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The Daily Wildcat

The Daily Wildcat

 

Column: Bibi’s speech is self-serving

When the Prime Minister of Israel, Benjamin Netanyahu, addresses a joint session of the U.S. Congress on Tuesday, it is unknown just how many members of Congress will agree to attend. Although pro-Israel is the de facto position of every American politician, and Bibi has already spoken multiple times to Congress, this speech is different.

There are many areas of tension surrounding Netanyahu’s visit, but for American politics, Speaker Boehner’s decision to invite Bibi without coordinating with the White House or Department of State is an obvious slight to President Barack Obama. This type of invitation is unprecedented, and Boehner’s actions without Obama’s approval could anger other countries in the Middle East and thus threaten a possible U.S.-Iranian nuclear treaty.

In terms of what this speech could mean for Israeli politics, Netanyahu is currently deadlocked with the oppositional Labor Party for Israel’s upcoming elections. It is unclear whether this speech could bolster Netanyahu’s foreign policy credentials or backfire and cause Israelis to lose faith in a prime minister who can’t maintain positive relations with the U.S.

So, who has the most to lose here? To gain? And how much damage could this do to Israeli-American relations?

First, to address the last of those questions, the U.S. is one of the world’s staunchest allies of Israel. Despite growing anti-Semitism around the world, both political parties unequivocally pledge to support our ally. Even Obama, who has been criticized by conservatives for not supporting Israel enough, has appropriated billions in aid for Israel, voted against Palestinian statehood and funded the Iron Dome defense system. A future Iranian-U.S. deal could potentially challenge the Israeli-U.S. relationship. This speech will not.

Domestically, however, this speech is a dangerous and rash move by Boehner. Never before has a foreign official addressed Congress without an invitation or without notifying the president. The pros and cons of a possible U.S.-Iranian nuclear agreement certainly deserve scrutiny and conversation, but using Netanyahu as leverage is not the way to achieve productive cooperation between Congress and the president. Subtlety is not Boehner’s strong suit, and anyone can recognize the political underpinnings of this decision.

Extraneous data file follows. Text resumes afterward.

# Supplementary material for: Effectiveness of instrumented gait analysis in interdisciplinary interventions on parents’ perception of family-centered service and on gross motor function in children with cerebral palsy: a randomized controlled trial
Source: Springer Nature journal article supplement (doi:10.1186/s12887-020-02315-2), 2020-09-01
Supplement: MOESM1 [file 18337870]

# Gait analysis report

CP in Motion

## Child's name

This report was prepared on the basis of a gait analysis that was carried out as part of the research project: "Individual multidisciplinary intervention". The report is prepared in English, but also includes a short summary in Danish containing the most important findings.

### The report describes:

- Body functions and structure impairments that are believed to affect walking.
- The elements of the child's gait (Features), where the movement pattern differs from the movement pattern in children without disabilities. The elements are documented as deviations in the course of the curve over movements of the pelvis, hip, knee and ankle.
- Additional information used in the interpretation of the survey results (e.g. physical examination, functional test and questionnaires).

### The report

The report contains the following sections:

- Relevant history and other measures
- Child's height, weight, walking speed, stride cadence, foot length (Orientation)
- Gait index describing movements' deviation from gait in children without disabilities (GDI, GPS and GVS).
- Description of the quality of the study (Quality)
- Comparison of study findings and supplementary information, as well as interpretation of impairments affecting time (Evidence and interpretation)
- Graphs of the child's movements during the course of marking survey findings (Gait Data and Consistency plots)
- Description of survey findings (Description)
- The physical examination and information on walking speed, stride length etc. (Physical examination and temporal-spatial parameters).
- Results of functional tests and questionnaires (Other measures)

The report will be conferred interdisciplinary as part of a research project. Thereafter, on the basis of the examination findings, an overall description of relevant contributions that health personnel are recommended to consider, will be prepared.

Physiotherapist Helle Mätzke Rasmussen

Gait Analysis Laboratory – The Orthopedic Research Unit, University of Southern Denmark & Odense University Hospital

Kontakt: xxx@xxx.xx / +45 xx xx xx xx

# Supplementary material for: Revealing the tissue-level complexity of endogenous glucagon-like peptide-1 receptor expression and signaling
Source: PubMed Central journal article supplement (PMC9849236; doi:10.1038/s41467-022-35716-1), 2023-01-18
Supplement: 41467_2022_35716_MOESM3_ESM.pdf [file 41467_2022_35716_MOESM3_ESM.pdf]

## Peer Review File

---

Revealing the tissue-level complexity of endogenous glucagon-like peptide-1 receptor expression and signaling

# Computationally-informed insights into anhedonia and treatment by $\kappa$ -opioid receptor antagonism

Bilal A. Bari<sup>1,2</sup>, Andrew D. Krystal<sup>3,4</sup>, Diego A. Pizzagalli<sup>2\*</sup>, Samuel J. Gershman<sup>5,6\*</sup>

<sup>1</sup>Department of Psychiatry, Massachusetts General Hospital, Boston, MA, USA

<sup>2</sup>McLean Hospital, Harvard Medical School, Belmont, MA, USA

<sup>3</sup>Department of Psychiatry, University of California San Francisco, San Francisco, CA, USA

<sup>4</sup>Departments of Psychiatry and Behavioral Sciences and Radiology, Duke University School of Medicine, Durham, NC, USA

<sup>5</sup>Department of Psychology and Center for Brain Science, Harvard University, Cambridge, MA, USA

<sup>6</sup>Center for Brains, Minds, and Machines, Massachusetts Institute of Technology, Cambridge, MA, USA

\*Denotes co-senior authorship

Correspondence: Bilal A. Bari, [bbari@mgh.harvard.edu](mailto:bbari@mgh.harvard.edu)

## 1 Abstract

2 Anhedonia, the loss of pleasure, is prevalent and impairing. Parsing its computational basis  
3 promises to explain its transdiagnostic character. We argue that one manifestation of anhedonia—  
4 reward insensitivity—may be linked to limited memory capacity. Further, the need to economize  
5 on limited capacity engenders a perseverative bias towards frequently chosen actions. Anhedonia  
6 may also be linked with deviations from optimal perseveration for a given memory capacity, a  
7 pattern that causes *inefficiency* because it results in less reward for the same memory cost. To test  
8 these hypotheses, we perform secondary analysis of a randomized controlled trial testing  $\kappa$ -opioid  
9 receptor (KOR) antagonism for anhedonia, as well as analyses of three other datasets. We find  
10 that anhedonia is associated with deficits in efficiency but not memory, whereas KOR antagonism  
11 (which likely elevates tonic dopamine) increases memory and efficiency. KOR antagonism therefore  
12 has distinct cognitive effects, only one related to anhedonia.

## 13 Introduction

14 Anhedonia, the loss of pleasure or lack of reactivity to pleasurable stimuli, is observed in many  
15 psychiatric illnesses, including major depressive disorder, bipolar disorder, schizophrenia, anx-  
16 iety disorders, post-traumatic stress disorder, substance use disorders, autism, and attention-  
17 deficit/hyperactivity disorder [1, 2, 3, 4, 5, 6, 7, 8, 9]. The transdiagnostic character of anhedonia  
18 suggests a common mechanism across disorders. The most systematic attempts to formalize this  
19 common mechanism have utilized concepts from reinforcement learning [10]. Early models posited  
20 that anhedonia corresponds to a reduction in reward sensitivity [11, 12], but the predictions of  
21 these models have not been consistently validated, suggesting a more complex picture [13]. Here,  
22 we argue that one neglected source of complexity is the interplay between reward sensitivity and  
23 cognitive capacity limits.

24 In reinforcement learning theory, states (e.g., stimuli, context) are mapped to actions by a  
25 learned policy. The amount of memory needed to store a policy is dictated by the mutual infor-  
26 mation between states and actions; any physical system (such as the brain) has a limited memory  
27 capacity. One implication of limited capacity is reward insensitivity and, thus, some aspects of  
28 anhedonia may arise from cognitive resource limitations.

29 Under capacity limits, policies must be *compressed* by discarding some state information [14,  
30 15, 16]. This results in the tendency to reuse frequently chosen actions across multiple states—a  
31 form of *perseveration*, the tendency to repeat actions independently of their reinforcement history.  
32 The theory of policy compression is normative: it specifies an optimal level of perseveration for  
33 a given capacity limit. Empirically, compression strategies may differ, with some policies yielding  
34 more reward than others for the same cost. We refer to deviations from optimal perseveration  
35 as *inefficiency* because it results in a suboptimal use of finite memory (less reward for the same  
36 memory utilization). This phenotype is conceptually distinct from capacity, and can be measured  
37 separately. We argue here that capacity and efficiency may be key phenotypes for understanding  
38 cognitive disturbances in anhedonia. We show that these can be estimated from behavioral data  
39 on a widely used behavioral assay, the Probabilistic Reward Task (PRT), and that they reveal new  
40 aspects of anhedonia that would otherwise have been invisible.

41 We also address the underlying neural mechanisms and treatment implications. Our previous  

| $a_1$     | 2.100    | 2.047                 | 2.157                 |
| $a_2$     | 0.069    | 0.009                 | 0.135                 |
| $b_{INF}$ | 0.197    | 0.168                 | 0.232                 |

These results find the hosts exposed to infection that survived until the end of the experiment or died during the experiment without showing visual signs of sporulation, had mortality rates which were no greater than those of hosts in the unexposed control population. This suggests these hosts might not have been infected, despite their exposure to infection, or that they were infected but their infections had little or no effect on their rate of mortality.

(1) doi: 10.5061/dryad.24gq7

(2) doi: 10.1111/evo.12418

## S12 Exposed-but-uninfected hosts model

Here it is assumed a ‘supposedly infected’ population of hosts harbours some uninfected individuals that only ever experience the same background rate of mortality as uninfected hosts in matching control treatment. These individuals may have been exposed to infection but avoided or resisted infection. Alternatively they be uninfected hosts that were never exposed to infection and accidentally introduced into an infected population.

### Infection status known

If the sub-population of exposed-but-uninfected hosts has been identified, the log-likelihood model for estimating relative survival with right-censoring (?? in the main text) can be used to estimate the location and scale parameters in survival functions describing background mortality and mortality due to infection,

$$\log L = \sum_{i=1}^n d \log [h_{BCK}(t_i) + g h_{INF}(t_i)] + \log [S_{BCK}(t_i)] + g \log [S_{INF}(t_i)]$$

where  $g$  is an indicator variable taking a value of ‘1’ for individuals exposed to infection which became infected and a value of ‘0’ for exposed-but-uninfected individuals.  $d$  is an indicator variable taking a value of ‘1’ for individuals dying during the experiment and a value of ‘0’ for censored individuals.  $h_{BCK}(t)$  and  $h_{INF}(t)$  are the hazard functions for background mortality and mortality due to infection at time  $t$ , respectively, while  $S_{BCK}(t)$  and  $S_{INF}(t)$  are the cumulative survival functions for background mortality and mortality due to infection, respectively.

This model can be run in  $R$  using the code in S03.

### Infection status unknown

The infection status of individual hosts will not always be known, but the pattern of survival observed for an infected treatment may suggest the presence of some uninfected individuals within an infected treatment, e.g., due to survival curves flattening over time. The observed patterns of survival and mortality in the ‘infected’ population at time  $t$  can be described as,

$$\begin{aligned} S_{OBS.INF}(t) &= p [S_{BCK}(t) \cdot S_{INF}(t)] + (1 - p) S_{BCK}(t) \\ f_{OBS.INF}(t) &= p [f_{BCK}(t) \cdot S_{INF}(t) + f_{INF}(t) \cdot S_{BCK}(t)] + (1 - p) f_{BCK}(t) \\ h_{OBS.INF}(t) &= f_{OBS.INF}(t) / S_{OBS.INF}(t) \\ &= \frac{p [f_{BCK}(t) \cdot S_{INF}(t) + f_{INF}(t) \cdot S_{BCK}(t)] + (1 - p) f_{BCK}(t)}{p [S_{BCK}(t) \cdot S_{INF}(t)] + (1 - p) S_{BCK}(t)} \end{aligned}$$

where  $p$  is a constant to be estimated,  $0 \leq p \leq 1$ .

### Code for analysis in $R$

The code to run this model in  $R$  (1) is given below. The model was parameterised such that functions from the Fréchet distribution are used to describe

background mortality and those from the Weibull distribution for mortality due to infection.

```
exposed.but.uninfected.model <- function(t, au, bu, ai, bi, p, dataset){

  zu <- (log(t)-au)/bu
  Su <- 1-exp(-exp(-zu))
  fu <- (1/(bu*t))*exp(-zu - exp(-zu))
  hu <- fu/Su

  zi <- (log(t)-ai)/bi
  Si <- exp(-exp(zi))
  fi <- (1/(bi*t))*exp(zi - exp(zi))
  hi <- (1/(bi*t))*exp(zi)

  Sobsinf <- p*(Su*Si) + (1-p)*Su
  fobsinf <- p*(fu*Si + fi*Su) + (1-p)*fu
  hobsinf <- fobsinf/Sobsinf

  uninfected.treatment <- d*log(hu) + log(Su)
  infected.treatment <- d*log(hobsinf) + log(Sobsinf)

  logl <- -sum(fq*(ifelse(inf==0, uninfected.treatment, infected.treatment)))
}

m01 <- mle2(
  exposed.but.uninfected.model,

With that said, Netanyahu is no novice to politics and is certainly aware of the American political drama occurring in the midst of his visit. He knows Obama and other Democrats could be criticized or seen as “anti-Israel” for missing this speech, potentially damaging Democratic chances in 2016.

However, to say that this is a purely political or spiteful move for Netanyahu is also unfair. According to Leonard Hammer of the Arizona Center for Judaic Studies, Netanyahu’s priorities with this speech are twofold.

First, throughout his political career, Netanyahu has consistently maintained his steadfast opposition to any American nuclear deal with Iran. As a country that supports and funds terrorist organizations such as Hezbollah, Iran poses a legitimate threat to Israel’s security. Whether or not an agreement between the U.S. and Iran harms or helps Israel is a subject of debate. But Netanyahu’s speech to Congress could disrupt these talks and accomplish one of his legitimate foreign policy objectives.

Hammer, like most Israeli and American pundits, is unsure whether this move will help or hurt Netanyahu’s chances of being reelected in Israel. Certainly Bibi feels that this will make him look tough on national security and Iran, but causing a rift between Israel and the U.S. may not pay off. Favorable to Netanyahu, however, is a general lack of trust for Obama on the part of most Israelis. A 2014 poll from the Israeli publication Sov Hashavua found 70 percent of Israelis do not trust Obama’s positions on Israel.

When Israel holds its elections in a few weeks, Netanyahu’s victory or defeat will likely be at least partially attributed to his decision to accept Boehner’s invitation.

Any action involving Israel is going to be highly contentious for the U.S. It is no surprise that Netanyahu accepted this speech, despite Obama’s misgivings. To Netanyahu’s credit, this speech could benefit him in terms of both foreign policy and political goals.

But Boehner has set a dangerous new precedent in which the U.S. can jeopardize foreign alliances over backhanded moves meant to score cheap political points.

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Jacob Winkelman is a sophomore studying political science and English. Follow him on Twitter.

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